New Work/New Year

at David Klein Gallery, Detroit

by Mariwyn Curtin


So much time, if one can get past the terror of the capacious days. What has the quarantine quietude wrought?

“New Work/New Year” is a group exhibition that celebrates the production of artists in confinement and the end of 2020. Nearly all the works are from that unforgettable yet hazy year in which time was forbidden to be filled with doings and goings and gatherings. The show at David Klein, on view from January 16 to February 27, 2021, presents a stunning array of results from this extraordinary era in works by 15 artists.

One beautifully curated wall reads like a three-stanza visual poem about the slow tick and distortion of time in 2020. In A Sweep of the Second Hand, Robert Schefman’s oil on canvas depicts a woman in a green satin slip as she writes an endless list of months in chalk on a black-painted surface, reminiscent of a prisoner's tally of days on a cell wall. Next to it hangs Bending Moment No. 1, in which Susan Goethel Campbell has bent a willow branch at unnatural angles around a wood panel trapezium. The slanted bottom edge of the gessoed panel makes the artwork feel farther away than it really is as my mind tries to square the panel by sliding to the one point in the gallery where Bending Moment No. 1 might appear as a true rectangle. I feel the passage of days or months between this work and the next as the single willow branch proliferates into a large bundle of twigs in the third piece on the wall.

Untitled, August 4, 1/5, is an archival print created via large-format film camera by Lauren Semivan. The photograph centers on a bale of branches, tied down or suspended over a battle of white and black paint, the field between those polarities like a blackboard wiped with erasers that need to be clapped. In my imagination, the woman in Schefman’s painting became frustrated, rubbed away her litany of chalked months, and walked off, leaving a desolate still life of branches in her wake.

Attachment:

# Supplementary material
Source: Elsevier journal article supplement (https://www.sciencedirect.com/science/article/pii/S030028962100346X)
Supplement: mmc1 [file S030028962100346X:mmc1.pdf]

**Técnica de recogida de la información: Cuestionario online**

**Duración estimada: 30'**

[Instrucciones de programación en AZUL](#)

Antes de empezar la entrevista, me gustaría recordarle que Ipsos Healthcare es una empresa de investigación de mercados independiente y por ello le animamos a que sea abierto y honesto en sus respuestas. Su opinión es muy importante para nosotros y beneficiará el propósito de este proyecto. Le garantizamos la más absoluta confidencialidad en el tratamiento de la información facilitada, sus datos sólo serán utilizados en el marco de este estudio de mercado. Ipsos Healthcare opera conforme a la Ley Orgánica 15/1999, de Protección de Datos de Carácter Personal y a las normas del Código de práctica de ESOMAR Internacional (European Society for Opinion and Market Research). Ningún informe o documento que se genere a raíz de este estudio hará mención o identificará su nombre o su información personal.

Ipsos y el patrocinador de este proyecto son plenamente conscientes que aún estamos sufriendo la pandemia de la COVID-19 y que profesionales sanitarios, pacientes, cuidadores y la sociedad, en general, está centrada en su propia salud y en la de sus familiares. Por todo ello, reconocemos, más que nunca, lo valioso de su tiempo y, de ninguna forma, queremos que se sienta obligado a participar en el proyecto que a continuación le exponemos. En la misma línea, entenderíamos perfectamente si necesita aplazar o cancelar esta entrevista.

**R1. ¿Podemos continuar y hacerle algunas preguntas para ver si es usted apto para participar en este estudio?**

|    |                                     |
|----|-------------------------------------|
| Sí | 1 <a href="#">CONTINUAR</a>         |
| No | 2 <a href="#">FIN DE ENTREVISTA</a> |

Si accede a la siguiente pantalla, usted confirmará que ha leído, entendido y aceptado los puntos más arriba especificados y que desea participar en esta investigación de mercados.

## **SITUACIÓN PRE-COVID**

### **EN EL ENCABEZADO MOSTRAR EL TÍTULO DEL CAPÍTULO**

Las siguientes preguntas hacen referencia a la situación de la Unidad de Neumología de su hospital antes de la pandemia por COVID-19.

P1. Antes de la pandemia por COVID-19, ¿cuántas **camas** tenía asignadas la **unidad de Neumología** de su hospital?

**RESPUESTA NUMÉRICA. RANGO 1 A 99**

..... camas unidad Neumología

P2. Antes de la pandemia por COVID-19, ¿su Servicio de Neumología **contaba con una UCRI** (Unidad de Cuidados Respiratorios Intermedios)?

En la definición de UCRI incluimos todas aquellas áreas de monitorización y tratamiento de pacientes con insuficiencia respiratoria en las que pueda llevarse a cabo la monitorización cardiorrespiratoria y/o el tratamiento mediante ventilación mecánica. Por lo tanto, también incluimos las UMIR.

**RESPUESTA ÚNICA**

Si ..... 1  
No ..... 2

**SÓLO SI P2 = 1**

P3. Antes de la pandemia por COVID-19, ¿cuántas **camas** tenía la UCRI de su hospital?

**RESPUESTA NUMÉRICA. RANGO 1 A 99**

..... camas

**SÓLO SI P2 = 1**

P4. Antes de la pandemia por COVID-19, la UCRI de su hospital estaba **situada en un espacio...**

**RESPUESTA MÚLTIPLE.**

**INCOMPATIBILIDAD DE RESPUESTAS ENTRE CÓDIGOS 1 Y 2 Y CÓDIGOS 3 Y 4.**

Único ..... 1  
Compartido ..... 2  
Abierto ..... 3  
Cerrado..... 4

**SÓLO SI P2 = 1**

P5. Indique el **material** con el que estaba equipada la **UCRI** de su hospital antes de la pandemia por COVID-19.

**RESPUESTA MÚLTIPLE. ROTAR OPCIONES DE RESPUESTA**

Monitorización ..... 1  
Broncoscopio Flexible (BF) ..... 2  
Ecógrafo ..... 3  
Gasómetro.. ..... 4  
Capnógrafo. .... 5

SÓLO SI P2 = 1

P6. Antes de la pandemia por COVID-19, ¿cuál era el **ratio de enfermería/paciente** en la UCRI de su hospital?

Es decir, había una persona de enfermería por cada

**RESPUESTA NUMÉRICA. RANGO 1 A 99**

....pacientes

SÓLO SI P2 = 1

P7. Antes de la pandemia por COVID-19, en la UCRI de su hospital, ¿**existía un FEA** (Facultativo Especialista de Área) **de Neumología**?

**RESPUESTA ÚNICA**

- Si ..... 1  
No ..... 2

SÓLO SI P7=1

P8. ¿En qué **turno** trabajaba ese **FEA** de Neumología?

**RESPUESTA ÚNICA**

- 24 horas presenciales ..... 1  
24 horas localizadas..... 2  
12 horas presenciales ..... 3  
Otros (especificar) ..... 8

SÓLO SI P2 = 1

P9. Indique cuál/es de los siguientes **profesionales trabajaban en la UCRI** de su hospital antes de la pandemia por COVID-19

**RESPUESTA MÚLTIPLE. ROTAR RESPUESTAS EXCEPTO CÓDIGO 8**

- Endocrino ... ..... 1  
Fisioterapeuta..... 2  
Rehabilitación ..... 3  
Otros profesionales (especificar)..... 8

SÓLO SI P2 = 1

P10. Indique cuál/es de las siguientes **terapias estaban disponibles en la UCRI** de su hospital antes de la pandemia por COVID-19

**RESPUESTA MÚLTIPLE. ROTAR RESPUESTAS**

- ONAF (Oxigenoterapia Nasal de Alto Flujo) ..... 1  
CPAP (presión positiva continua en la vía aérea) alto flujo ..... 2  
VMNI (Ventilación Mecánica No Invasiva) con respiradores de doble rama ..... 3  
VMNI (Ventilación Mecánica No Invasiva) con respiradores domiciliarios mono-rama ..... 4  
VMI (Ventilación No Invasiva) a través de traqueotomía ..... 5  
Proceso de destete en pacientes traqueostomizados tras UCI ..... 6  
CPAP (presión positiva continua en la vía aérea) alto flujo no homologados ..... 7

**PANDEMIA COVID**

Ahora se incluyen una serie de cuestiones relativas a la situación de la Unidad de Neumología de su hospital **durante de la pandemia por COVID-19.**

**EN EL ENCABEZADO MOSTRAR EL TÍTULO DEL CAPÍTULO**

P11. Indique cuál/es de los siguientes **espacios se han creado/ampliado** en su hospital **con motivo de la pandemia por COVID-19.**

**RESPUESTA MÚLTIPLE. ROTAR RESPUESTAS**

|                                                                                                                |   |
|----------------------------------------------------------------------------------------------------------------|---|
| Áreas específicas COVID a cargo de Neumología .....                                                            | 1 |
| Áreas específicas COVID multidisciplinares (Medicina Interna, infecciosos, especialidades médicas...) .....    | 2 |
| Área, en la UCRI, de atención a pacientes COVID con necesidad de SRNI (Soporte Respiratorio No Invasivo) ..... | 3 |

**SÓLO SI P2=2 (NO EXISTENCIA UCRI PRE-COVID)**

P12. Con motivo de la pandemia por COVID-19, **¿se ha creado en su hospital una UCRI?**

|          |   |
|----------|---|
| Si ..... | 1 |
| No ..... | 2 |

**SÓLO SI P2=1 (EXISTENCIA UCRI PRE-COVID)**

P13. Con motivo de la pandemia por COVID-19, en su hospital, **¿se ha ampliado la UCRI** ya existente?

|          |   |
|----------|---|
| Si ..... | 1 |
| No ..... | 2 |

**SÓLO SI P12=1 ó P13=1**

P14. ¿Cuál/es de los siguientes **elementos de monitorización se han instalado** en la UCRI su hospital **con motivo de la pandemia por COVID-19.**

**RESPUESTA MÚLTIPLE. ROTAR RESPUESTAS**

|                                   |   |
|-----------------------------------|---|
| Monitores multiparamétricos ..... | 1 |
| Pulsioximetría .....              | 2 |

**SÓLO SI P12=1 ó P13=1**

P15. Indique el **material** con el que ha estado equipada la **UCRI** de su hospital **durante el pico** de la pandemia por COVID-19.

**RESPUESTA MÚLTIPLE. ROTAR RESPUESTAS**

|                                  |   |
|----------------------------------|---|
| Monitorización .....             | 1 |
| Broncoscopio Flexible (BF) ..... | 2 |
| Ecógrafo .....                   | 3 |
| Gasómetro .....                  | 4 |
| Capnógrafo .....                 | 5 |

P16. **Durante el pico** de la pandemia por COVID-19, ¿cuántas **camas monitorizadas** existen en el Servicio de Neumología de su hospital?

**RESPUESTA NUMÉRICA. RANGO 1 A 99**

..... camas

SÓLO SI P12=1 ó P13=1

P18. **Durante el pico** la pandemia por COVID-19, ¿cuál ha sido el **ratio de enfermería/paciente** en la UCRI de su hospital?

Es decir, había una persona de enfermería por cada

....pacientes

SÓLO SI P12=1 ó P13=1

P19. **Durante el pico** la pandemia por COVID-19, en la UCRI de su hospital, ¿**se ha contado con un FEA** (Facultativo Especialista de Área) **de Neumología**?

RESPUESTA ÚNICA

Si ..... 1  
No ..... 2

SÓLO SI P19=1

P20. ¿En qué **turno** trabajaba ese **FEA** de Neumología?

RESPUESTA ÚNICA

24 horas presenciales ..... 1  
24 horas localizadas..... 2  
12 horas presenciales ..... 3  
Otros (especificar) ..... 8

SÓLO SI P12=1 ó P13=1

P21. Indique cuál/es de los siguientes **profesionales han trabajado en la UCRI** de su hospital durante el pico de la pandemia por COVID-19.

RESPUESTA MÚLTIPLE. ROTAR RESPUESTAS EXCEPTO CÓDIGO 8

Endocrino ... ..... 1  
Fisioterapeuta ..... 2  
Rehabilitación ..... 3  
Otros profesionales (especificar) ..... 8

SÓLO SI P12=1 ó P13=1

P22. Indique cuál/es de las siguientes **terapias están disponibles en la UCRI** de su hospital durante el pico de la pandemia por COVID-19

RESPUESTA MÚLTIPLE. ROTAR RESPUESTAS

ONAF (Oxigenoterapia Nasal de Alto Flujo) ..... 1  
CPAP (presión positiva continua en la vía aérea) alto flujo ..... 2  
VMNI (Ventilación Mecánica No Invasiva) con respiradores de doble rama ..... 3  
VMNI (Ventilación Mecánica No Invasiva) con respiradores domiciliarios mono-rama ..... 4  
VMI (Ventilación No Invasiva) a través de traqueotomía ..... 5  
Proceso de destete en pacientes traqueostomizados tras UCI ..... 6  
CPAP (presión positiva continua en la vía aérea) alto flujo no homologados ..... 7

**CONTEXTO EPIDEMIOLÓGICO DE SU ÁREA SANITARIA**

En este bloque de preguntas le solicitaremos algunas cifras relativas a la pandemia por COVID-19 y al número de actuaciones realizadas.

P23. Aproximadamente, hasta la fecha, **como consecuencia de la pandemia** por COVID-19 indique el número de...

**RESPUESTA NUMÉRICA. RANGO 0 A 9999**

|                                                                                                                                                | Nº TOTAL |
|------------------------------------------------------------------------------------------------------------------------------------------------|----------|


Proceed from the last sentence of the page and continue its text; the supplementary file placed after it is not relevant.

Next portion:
Installation view at David Klein Gallery showing Matthew Hawtin, Verge, 2020, acrylic on canvas, 48” x 48” and Boundaries II, 2020 acrylic on canvas, 48” x 48”; Mark Sengbusch, Montessori, 2020, acrylic on plywood. 18” x 18” x 12” and Strawberry Shortcake, 2020, acrylic on plywood, 25” x 31”. Photo by Samantha Schefman.After experiencing the disorienting tilt of Campbell’s piece, I would have thought I was prepared to turn toward Matthew Hawtin’s paired paintings. From the length of the room away they zip in primary colors evocative of certain Barnett Newman works and look like they may also be wood that has been cut into slightly non-rectilinear shapes. On closer approach Verge and Boundaries II reveal themselves to be canvas stretched over supports that pop certain corners of the surface farther away from the wall than others. Even closer, the canvases seem to curve. I feel caught up in a swift rush of vertigo, as if the color fields generate some sort of spatial vortex between them. Although upon inspection, all the edges are confirmed to be straight lines, my eyes and brain feel like they are rolling in a half-pipe.

I summon my sea legs to slip around the wall into the next space to investigate the row of frames by Mark Sengbusch that contain brightly painted, curved and angled shapes of wood. The palette and title of each work, such as Strawberry Shortcake or 1970s Suit, derive from pop culture inspirations. Geometric openwork lets the richly hued background peek through zig-zags and loops arranged like written language, a secret code, or a musical score. And there is music in this room: the jazzy jam of Soft Machine that trickles out of Scott Hocking’s digital film, Kayaking Through the Quarantimes. The film is a soothing drift on rivers and canals throughout Detroit and Southeast Michigan. It’s something of a highlight reel that features the wildlife, shipwrecks, and rusty walls of passing shipping vessels that the artist encountered on 15 kayak trips taken between April and December 2020. Municipalities countrywide exhorted “the outdoors are still open!” to encourage mental and physical health while so much of our daily life was shut down. That Hocking actually takes up that advice while I am watching his adventures mediated through a video display feels typical of 2020.